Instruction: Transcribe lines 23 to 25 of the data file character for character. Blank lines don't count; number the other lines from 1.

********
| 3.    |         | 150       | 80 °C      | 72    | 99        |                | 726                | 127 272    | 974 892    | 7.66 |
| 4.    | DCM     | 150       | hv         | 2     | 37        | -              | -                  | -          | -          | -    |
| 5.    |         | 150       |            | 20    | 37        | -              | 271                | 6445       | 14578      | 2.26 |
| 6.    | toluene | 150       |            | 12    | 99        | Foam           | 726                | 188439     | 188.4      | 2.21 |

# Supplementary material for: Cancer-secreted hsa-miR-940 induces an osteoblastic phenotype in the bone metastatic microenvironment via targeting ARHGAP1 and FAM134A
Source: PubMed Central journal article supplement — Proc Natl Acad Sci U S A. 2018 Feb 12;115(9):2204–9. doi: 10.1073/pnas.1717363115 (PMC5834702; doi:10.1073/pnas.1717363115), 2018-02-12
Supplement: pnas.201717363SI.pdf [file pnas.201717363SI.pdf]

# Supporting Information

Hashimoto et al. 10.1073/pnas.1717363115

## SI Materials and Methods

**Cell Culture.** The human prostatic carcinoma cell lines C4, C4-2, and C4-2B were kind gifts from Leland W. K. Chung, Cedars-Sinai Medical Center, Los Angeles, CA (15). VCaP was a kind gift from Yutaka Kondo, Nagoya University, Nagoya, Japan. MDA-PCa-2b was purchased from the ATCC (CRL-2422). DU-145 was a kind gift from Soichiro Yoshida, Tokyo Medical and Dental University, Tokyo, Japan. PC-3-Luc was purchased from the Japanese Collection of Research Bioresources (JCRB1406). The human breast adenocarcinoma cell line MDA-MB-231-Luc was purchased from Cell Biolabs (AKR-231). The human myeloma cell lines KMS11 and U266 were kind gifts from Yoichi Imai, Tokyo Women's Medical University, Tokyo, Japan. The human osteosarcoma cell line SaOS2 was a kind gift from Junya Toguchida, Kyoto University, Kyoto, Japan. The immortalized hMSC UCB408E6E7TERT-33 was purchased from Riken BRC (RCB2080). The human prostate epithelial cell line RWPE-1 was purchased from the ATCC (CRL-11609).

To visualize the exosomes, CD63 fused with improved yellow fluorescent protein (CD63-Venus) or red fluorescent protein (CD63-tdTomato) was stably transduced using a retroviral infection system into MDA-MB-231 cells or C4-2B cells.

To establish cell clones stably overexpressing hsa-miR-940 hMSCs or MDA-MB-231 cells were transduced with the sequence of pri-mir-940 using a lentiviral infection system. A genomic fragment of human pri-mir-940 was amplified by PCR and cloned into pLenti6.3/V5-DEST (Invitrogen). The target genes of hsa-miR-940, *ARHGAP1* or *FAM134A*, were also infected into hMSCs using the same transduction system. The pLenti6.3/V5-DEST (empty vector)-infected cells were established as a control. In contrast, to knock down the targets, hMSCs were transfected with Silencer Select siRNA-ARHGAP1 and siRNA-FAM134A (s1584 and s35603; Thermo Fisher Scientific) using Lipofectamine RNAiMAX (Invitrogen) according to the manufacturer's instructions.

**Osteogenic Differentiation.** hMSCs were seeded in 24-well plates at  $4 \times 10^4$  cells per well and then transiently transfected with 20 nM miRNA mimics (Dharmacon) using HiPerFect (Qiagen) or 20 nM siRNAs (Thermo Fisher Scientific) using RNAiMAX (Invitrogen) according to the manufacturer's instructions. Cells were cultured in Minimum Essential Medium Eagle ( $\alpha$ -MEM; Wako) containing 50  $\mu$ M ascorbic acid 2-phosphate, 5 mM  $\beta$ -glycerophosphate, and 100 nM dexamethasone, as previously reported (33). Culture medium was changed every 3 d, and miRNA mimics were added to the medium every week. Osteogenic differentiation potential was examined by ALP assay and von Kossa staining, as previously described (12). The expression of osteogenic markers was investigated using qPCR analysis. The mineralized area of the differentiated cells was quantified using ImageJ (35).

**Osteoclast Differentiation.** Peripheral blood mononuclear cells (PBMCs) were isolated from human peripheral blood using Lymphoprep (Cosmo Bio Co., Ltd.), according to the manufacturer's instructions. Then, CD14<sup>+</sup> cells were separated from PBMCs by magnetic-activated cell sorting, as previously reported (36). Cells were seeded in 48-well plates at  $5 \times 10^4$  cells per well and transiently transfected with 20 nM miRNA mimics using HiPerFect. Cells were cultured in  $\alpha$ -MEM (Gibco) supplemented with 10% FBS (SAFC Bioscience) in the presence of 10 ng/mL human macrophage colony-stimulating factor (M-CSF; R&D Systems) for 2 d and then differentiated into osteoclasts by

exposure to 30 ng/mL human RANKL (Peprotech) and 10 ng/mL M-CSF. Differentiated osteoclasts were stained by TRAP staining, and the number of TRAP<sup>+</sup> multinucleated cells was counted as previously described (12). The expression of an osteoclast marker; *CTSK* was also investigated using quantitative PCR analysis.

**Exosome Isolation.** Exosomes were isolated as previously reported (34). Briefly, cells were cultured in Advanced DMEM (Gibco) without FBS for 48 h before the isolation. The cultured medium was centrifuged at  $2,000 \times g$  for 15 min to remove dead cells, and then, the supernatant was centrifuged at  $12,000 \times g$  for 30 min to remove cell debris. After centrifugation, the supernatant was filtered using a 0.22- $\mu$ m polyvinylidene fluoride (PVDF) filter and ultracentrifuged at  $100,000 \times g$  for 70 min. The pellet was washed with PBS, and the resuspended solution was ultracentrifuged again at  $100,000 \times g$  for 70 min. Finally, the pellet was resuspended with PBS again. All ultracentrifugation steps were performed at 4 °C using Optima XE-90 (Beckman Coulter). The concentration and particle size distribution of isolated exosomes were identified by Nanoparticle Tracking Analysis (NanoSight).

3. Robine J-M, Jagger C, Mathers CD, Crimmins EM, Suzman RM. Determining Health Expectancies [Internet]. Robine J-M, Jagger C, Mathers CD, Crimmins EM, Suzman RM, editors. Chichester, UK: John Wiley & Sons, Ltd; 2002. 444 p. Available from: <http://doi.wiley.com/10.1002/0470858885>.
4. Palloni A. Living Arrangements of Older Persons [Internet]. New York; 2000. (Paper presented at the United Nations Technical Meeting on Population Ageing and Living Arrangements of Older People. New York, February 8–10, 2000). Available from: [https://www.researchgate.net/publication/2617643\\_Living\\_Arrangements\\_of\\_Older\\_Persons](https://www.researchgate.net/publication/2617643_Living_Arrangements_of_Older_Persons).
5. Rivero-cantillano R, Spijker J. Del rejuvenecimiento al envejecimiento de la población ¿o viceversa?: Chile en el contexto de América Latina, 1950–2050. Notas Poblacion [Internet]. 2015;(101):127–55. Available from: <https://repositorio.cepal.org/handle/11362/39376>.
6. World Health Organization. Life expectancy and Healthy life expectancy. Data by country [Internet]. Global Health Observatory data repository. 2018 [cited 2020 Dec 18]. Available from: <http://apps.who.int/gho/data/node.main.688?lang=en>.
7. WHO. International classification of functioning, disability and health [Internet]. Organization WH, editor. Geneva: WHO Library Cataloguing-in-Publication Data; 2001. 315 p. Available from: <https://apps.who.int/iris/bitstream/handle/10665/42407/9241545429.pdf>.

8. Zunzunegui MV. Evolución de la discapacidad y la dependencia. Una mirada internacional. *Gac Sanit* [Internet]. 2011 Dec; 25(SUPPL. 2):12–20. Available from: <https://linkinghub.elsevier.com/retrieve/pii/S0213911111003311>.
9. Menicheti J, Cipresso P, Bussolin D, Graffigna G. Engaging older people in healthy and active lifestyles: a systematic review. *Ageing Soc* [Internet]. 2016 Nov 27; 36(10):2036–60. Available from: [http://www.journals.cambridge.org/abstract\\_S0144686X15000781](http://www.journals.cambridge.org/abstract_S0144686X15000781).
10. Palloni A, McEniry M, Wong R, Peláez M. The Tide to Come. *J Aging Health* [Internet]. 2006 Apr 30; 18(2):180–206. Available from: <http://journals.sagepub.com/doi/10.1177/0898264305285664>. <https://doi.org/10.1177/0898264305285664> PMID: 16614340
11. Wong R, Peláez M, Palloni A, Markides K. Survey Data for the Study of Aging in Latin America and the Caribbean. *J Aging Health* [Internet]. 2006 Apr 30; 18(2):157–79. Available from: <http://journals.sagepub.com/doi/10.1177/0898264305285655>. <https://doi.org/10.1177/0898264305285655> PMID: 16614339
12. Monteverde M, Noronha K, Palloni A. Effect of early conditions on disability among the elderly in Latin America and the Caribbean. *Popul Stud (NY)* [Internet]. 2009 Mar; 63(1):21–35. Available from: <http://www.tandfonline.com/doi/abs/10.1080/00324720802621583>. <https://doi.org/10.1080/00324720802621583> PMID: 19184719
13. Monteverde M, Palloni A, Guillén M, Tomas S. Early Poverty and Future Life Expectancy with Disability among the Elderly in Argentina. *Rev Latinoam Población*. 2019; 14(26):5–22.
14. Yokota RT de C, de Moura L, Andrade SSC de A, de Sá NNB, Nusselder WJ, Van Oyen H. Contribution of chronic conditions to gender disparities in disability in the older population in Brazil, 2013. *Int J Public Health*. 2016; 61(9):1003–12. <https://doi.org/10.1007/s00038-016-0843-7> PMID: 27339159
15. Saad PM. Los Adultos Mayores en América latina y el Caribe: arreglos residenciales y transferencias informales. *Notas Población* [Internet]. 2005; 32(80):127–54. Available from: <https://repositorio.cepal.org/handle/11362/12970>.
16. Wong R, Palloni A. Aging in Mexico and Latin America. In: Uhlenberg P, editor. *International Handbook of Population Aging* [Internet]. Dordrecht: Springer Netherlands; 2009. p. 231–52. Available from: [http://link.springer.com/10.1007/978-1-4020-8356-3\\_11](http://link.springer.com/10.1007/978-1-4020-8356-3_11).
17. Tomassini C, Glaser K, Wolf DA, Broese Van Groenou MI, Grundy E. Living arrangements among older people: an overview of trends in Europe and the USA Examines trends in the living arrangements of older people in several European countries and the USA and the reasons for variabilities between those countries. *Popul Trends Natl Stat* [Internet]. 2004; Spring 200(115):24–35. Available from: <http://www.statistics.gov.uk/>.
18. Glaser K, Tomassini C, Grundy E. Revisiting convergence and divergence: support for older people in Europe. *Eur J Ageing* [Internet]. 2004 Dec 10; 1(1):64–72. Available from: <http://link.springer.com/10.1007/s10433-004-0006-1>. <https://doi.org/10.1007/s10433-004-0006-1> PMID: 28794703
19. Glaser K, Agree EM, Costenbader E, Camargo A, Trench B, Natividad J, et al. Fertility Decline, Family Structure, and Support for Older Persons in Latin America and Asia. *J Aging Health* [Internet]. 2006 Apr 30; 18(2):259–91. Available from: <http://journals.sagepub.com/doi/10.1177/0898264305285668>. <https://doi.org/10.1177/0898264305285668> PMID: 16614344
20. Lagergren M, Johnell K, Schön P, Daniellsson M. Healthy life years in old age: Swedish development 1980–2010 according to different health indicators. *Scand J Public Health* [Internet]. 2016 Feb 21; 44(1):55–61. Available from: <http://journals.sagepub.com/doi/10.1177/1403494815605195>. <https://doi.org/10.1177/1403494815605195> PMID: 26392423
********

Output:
8. Zunzunegui MV. Evolución de la discapacidad y la dependencia. Una mirada internacional. *Gac Sanit* [Internet]. 2011 Dec; 25(SUPPL. 2):12–20. Available from: <https://linkinghub.elsevier.com/retrieve/pii/S0213911111003311>.
9. Menicheti J, Cipresso P, Bussolin D, Graffigna G. Engaging older people in healthy and active lifestyles: a systematic review. *Ageing Soc* [Internet]. 2016 Nov 27; 36(10):2036–60. Available from: [http://www.journals.cambridge.org/abstract\\_S0144686X15000781](http://www.journals.cambridge.org/abstract_S0144686X15000781).
10. Palloni A, McEniry M, Wong R, Peláez M. The Tide to Come. *J Aging Health* [Internet]. 2006 Apr 30; 18(2):180–206. Available from: <http://journals.sagepub.com/doi/10.1177/0898264305285664>. <https://doi.org/10.1177/0898264305285664> PMID: 16614340